Recent events have me wondering about my definition of terrorism.
I’m not talking about the bombing that took place in Manchester. That one’s obvious. And terrible. But the best reporting I saw on the issue came from WIRED, where they essentially said, “stop talking about it on social media.”
This makes a lot of sense. Terrorist organizations get surges in recruitment when they’re seen to be doing things. The disaffected, the ones likely to turn to terrorism are often in that situation because they feel powerless, so when they see that an action any group does has power?even if it’s just the power to make you sit up and notice, that encourages them. And it’s hard, and we want to show our support for the families in Manchester that most of us will never see or know, but keep in mind that when we do, we’re also showing the terrorists that they have the power to affect us. No matter how impotent they are on the larger scale of things (and let’s be honest how much has your life changed because of terrorism? Are you more or less likely to change your religion now? If you have friends of another race or culture, do you look at them with more suspicion now than you used to? Of course not.) our public response on social media gives them potency.
No, I’m talking about the recent “WannaCry” hack that hit hundreds, if not thousands of computers, and encrypted people’s data to hold it for ransom. For those who haven’t been following my “Borscht” series about terrorism, I use it to examine exactly what it terrorism and what should be done about it. Defining terrorism is difficult to begin with, but I tend to feel it comes down to three criteria. Is the attack primarily against civilians, is there evidence of it being a planned attack and not a spur of the moment burst of violence, and is the goal of the attack to change society’s laws or behaviors? It’s that last criteria that “WannaCry” is giving me trouble with.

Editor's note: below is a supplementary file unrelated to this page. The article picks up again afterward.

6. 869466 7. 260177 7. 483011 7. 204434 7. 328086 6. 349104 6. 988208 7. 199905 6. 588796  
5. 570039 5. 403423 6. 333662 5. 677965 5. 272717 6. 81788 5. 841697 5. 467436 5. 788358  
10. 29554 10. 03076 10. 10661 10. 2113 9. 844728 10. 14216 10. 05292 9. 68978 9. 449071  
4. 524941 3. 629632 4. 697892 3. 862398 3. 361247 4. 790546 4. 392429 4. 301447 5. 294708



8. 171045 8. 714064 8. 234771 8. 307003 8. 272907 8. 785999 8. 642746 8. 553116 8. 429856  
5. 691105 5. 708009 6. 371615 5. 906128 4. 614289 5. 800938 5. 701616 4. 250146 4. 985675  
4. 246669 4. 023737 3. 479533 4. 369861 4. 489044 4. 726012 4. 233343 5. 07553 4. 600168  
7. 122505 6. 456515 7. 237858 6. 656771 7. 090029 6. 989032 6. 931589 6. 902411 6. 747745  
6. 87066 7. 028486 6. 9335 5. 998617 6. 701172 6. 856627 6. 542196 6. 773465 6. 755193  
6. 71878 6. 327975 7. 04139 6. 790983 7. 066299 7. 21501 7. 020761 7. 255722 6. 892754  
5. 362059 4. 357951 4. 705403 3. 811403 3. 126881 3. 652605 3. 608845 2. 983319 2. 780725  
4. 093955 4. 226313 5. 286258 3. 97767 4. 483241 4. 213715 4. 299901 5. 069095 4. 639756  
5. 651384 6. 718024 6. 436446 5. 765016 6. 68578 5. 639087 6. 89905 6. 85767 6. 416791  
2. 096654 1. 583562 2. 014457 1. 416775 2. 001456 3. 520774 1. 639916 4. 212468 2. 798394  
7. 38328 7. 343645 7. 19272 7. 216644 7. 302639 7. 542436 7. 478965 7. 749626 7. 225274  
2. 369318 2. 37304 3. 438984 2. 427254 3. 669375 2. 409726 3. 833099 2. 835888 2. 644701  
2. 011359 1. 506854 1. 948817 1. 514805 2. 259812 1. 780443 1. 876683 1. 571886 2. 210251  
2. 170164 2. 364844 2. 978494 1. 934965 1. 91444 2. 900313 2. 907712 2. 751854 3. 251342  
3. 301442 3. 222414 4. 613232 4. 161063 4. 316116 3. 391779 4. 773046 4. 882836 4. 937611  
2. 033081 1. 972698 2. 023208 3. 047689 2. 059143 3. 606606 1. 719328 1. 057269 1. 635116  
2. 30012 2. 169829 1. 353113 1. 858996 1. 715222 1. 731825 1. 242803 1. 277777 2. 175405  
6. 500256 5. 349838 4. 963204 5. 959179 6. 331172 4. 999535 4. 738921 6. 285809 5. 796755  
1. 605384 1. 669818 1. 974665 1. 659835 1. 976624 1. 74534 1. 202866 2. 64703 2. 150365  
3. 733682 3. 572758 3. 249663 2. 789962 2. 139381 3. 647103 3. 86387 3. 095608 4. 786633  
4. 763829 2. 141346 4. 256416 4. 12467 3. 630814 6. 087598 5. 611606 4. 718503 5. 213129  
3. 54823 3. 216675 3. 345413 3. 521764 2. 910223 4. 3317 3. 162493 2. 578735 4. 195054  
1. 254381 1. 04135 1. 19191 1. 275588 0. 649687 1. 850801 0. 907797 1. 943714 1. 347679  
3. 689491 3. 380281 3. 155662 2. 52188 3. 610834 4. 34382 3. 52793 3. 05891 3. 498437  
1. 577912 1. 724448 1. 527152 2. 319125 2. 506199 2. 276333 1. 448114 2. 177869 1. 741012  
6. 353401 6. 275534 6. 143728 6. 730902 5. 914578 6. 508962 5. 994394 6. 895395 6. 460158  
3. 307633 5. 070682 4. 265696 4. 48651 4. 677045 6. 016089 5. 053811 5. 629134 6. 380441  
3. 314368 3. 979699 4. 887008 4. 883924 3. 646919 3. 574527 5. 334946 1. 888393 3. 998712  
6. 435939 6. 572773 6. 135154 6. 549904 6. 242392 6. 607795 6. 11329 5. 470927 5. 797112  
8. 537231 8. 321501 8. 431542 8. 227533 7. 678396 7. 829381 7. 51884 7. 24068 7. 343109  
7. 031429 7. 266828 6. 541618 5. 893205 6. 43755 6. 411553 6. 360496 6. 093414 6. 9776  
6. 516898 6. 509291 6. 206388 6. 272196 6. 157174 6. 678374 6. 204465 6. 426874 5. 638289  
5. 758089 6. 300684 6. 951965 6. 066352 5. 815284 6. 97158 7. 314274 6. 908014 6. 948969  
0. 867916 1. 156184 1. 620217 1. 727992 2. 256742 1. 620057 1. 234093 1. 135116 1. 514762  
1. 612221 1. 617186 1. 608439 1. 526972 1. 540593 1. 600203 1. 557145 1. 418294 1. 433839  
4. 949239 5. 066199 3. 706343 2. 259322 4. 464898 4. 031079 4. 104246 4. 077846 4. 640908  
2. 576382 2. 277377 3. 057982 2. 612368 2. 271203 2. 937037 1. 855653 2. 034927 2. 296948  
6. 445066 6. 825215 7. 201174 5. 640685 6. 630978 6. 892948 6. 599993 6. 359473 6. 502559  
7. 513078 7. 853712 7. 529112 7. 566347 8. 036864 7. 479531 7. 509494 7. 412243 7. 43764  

There is no doubt that the hack had nothing to do with changing people’s behavior other than to provide the hackers with money. But that the hack hit hospitals and put the lives of hundreds of people at risk makes me wonder if my definition needs some adjustment, because that kind of activity deserves to be called terrorism, in my mind. Perhaps it depends on the number of people affected by a single act. And then the question becomes, how does that change our response? I haven’t the answers to these questions yet, but I’m working on them.
In the meantime, this issue, see how the Voice Magazine has had an effect right across nations, in our feature article All the Music Be Happenin’ Now. Then we have a look at places students can find inspiration, and the considerations that affect many of our fellow AU students as they take up their studies part way through their career and lives in Adventures in Mid-Life Studies.
Of course, we also have our news, reviews, interviews, advice, AU events, and other articles to keep you busy this weekend, we wouldn’t forget that. Enjoy the read!